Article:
In the early 16th century, the Spanish conquistadores ventured into Central America from Mexico, then known as the Spanish colony of New Spain. After subduing the highland Mayan city-states through battle and cooptation, the Spanish sought to extend their dominion to the lower pacific region of the Pipiles, then dominated by the powerful city-state Confederacy of Cuscatlán. Pedro de Alvarado, a lieutenant of Hernán Cortés, led the first Spanish invasion in June 1524. He was accompanied by thousands of Tlaxcala and Cakchiquel allies, who had long been rivals of Cuscatlán for control over their wealthy cacao-producing region. The Pipil warriors met the Spanish forces in two major open battles that send the Christian army retreating back to Guatemala. The Spaniards left smallpox behind and came back with reinforcements. The surviving Cuscatlán forces retreated into the mountains, where they sustained a guerrilla warfare against the Spanish allies who had proceeded to occupy the city of Cuscatlán. Unable to defeat this resistance, and with Alvarado nursing a painful leg wound from Lord Atunal Tut's arrow in the first battle in Acajutla beach, Diego de Alvarado had to lead the rest of the conquest. Two subsequent Spanish expeditions were required to achieve the complete defeat of Cuzcatan: one in 1525 and another in 1528. [ citation needed ]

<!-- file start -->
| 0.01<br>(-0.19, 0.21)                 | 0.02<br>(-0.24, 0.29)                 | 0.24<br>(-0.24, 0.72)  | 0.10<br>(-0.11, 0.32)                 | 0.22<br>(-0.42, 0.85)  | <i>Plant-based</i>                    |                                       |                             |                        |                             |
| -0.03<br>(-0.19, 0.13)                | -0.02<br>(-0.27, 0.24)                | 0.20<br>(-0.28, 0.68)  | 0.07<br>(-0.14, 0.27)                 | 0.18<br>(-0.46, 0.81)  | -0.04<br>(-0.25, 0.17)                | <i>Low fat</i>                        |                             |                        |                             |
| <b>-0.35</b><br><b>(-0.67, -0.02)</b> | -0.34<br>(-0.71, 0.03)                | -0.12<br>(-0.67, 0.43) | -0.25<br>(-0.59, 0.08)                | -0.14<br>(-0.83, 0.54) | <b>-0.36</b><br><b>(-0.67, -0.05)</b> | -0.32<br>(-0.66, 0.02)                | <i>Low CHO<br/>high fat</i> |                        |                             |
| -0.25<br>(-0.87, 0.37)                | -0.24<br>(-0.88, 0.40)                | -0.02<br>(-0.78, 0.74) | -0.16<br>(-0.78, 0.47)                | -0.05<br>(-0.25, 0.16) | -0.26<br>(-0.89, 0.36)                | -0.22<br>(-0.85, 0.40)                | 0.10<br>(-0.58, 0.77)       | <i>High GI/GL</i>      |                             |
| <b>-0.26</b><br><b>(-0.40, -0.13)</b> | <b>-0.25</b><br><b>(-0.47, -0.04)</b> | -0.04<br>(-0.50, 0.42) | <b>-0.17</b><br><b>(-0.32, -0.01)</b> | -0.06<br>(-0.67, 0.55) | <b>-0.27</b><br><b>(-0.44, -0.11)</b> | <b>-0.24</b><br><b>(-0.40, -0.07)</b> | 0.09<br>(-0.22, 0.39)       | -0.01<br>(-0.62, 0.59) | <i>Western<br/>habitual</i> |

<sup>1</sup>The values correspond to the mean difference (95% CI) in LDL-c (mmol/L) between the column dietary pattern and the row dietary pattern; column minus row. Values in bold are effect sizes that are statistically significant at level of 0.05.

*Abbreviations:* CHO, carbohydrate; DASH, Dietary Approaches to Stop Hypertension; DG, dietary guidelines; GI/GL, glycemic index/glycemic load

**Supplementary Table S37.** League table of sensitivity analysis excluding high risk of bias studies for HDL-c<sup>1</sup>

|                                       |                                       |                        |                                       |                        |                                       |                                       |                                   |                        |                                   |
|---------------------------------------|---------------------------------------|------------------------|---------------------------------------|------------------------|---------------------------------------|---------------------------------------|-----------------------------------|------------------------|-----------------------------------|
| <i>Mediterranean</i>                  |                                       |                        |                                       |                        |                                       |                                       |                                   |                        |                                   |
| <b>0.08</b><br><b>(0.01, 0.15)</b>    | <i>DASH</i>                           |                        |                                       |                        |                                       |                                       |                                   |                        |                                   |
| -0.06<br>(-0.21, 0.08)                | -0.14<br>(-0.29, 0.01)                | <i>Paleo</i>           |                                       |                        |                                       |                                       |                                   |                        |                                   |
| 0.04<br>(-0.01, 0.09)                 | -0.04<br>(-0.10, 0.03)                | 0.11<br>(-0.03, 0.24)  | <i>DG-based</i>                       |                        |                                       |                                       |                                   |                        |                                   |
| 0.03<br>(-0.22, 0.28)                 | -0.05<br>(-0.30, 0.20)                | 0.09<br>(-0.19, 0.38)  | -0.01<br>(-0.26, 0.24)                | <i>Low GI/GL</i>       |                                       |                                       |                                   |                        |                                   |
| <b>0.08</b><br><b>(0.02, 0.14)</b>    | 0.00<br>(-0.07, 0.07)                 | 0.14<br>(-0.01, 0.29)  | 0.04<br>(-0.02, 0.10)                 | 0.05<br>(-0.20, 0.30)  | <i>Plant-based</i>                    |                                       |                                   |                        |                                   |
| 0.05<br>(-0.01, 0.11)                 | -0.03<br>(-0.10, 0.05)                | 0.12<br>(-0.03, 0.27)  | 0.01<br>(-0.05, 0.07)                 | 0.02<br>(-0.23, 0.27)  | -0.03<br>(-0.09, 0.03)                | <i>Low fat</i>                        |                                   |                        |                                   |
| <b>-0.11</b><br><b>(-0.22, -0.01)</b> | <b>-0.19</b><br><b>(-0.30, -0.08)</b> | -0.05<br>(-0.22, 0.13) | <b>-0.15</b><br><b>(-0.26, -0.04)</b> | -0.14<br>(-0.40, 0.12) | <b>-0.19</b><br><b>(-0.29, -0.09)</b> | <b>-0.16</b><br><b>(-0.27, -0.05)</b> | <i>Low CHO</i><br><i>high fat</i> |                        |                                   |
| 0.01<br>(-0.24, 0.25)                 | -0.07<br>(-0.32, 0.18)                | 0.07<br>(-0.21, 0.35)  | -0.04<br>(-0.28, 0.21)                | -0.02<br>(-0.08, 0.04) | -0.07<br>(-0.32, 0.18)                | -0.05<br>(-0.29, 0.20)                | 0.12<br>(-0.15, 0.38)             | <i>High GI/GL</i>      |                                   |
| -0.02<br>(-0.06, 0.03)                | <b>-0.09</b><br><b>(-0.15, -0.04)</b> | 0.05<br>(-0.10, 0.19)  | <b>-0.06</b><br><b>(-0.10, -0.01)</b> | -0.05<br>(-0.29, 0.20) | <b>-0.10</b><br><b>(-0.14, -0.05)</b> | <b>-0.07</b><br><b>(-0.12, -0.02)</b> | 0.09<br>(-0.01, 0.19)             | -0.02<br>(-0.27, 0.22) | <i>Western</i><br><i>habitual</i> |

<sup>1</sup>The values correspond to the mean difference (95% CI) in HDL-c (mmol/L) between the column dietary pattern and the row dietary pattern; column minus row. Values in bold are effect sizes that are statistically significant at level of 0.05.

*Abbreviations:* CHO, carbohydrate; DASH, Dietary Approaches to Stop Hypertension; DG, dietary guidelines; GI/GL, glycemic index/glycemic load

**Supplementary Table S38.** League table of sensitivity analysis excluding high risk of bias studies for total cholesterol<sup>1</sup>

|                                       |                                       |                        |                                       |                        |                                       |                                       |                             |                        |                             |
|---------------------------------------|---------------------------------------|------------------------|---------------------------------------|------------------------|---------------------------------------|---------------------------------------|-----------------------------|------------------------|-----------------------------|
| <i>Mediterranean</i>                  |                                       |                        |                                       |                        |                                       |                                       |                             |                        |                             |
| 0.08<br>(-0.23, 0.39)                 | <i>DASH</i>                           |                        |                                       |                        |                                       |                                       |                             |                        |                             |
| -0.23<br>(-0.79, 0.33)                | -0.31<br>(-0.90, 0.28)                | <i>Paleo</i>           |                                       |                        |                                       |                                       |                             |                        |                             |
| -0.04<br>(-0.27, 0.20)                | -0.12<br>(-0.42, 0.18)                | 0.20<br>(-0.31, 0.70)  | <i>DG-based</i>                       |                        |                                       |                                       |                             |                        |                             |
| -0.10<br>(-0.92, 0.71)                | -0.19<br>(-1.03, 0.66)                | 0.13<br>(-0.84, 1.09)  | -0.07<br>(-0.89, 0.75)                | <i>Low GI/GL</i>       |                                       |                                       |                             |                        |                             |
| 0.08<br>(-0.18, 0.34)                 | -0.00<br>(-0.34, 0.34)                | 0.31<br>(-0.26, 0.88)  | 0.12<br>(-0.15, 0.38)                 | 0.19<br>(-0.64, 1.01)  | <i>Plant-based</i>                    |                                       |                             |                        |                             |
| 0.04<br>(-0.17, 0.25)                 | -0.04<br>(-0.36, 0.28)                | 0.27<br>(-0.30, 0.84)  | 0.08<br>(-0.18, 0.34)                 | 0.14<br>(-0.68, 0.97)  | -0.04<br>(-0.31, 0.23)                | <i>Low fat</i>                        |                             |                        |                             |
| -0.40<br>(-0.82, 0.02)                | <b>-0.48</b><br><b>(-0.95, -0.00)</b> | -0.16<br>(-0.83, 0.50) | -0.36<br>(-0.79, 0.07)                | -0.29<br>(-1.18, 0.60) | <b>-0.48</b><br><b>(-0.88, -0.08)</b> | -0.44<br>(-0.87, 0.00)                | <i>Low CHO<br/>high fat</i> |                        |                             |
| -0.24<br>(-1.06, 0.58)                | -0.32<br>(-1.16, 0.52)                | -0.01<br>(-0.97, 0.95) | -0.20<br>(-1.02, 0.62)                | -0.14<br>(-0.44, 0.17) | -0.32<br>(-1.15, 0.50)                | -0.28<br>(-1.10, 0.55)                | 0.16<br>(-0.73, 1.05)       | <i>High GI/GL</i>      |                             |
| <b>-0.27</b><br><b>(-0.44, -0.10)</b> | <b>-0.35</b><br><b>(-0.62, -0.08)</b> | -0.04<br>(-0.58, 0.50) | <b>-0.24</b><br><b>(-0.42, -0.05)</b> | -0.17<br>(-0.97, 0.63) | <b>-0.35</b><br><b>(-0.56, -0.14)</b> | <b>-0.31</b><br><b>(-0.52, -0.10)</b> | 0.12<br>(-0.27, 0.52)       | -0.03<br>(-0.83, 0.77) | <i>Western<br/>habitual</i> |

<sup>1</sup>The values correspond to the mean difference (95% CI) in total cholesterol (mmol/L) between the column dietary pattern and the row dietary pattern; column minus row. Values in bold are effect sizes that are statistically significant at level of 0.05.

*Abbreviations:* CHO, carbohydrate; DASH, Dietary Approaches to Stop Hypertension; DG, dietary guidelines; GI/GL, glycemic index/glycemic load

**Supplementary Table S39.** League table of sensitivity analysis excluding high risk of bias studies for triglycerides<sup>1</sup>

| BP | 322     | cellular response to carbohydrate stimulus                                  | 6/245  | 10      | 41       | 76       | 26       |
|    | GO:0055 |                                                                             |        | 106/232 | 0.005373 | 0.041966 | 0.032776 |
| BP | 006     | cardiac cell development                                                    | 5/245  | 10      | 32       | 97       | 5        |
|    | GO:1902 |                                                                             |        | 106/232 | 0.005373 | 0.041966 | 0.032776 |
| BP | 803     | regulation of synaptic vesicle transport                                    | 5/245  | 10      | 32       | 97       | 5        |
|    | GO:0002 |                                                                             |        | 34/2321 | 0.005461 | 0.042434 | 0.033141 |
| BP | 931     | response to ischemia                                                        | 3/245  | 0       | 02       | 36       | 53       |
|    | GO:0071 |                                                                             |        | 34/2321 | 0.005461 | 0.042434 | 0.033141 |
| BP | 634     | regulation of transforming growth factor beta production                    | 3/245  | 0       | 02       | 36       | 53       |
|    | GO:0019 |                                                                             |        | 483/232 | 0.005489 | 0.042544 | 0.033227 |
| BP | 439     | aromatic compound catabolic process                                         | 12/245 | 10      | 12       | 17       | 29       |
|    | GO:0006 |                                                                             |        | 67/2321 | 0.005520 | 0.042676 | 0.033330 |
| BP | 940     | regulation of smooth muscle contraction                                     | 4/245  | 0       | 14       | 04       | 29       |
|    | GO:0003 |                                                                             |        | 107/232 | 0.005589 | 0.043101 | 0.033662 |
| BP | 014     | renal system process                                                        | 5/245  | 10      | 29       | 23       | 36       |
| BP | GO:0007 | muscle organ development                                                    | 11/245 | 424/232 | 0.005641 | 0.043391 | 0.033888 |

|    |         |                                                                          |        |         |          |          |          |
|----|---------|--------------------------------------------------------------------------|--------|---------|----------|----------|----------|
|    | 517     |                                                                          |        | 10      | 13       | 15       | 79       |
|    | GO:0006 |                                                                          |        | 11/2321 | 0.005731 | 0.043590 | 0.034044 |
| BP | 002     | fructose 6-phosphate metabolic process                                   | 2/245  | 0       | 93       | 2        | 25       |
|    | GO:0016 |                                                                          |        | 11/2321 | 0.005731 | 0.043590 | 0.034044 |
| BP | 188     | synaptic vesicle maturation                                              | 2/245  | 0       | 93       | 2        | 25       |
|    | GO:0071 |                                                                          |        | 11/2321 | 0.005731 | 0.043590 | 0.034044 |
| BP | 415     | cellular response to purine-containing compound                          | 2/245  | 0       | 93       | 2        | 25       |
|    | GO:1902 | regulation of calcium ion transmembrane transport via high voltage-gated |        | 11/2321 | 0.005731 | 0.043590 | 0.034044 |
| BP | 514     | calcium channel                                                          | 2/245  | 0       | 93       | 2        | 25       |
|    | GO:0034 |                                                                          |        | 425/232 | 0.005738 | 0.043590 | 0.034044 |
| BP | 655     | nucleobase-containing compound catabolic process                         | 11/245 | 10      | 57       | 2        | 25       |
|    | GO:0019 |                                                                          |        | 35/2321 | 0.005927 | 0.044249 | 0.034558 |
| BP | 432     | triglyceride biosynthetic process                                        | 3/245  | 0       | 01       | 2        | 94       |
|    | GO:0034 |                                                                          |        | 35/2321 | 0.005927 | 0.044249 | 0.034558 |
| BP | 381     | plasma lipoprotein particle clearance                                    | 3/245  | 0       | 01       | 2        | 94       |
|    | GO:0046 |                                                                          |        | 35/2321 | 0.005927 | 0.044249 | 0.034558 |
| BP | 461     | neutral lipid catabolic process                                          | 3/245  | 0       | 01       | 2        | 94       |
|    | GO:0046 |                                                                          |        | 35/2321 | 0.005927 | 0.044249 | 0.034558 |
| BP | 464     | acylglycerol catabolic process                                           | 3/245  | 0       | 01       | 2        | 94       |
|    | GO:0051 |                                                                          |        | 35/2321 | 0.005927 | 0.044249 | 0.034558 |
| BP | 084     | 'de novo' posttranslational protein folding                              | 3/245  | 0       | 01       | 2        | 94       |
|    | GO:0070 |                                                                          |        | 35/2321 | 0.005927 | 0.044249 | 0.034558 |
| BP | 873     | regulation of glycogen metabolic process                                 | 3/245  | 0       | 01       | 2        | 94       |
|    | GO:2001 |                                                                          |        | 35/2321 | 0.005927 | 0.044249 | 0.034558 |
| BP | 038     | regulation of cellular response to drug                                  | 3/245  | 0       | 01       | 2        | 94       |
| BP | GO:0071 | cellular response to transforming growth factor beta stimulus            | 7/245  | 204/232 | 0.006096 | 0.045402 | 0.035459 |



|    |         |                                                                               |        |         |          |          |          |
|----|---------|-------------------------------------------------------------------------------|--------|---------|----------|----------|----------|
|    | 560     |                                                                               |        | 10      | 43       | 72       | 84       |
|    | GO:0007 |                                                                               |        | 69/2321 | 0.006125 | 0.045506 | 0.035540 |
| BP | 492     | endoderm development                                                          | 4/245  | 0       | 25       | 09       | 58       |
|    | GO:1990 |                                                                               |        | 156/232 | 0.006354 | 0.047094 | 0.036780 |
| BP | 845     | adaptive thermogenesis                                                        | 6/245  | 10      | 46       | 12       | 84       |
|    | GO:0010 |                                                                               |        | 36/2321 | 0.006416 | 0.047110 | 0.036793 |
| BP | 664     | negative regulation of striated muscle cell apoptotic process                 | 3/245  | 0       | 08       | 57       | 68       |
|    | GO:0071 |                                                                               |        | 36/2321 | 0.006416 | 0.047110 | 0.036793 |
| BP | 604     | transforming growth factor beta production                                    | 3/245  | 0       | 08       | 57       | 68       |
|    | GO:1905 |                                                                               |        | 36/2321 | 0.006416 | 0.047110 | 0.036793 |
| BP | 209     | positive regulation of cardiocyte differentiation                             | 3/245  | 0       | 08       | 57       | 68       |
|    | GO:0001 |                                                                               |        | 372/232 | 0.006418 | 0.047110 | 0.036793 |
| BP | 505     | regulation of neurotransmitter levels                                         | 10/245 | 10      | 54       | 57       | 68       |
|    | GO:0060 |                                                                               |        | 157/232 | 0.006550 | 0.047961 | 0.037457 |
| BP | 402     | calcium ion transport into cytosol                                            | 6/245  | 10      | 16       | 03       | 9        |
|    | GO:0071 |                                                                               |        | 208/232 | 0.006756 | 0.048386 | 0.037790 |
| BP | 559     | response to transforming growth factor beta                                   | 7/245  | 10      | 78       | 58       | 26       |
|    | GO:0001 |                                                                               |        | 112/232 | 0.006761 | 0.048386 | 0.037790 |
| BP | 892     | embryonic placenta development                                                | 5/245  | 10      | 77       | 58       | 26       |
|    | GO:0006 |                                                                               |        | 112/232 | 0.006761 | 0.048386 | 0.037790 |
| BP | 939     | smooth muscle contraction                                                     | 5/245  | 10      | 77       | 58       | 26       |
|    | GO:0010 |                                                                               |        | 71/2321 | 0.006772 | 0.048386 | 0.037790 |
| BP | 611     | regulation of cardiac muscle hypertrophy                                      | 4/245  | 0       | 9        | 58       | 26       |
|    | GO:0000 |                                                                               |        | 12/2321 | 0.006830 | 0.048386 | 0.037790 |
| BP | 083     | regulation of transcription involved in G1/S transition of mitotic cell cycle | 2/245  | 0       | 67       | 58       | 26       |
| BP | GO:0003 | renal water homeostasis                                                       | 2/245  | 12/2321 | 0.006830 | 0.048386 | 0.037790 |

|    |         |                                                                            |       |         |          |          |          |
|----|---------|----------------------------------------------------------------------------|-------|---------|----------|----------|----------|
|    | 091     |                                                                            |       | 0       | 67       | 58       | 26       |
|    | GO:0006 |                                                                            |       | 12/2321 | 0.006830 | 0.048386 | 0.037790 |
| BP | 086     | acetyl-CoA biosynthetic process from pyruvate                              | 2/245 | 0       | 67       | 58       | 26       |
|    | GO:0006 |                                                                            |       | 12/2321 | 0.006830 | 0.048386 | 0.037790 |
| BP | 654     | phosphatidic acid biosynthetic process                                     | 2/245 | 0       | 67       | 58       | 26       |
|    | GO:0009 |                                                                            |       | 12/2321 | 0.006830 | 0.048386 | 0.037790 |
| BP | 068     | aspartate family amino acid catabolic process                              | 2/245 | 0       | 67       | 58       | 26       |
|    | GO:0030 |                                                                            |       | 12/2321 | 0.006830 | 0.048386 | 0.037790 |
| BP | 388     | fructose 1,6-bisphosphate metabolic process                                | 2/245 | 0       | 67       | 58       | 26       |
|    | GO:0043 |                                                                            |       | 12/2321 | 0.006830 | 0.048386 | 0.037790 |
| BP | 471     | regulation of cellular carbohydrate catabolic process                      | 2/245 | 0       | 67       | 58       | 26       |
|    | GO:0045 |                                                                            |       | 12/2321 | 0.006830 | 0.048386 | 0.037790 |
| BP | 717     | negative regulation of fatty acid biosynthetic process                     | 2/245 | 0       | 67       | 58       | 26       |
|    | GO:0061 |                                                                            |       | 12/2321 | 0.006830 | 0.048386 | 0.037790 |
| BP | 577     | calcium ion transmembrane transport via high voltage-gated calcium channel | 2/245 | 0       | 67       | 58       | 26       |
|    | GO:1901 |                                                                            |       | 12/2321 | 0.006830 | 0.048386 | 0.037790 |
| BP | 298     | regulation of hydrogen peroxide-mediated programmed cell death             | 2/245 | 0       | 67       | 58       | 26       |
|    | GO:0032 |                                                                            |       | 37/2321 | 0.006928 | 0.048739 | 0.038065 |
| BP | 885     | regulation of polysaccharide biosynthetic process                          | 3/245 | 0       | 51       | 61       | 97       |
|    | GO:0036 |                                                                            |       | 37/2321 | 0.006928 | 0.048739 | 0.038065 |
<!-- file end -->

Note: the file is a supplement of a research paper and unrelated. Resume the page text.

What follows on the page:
Legend say that a Pipil Cacique or Lord named Atlacatl and Lord Atunal Tut led the Pipil forces against first contact with the Spanish, the most famous battle being the Battle of Acajutla led by Atunal. The Annals of the Cakchiquels mention the name Pan Atacat (water men) in reference to coastal Pipiles. Could be a title for war chiefs or coastal warriors.[ citation needed ]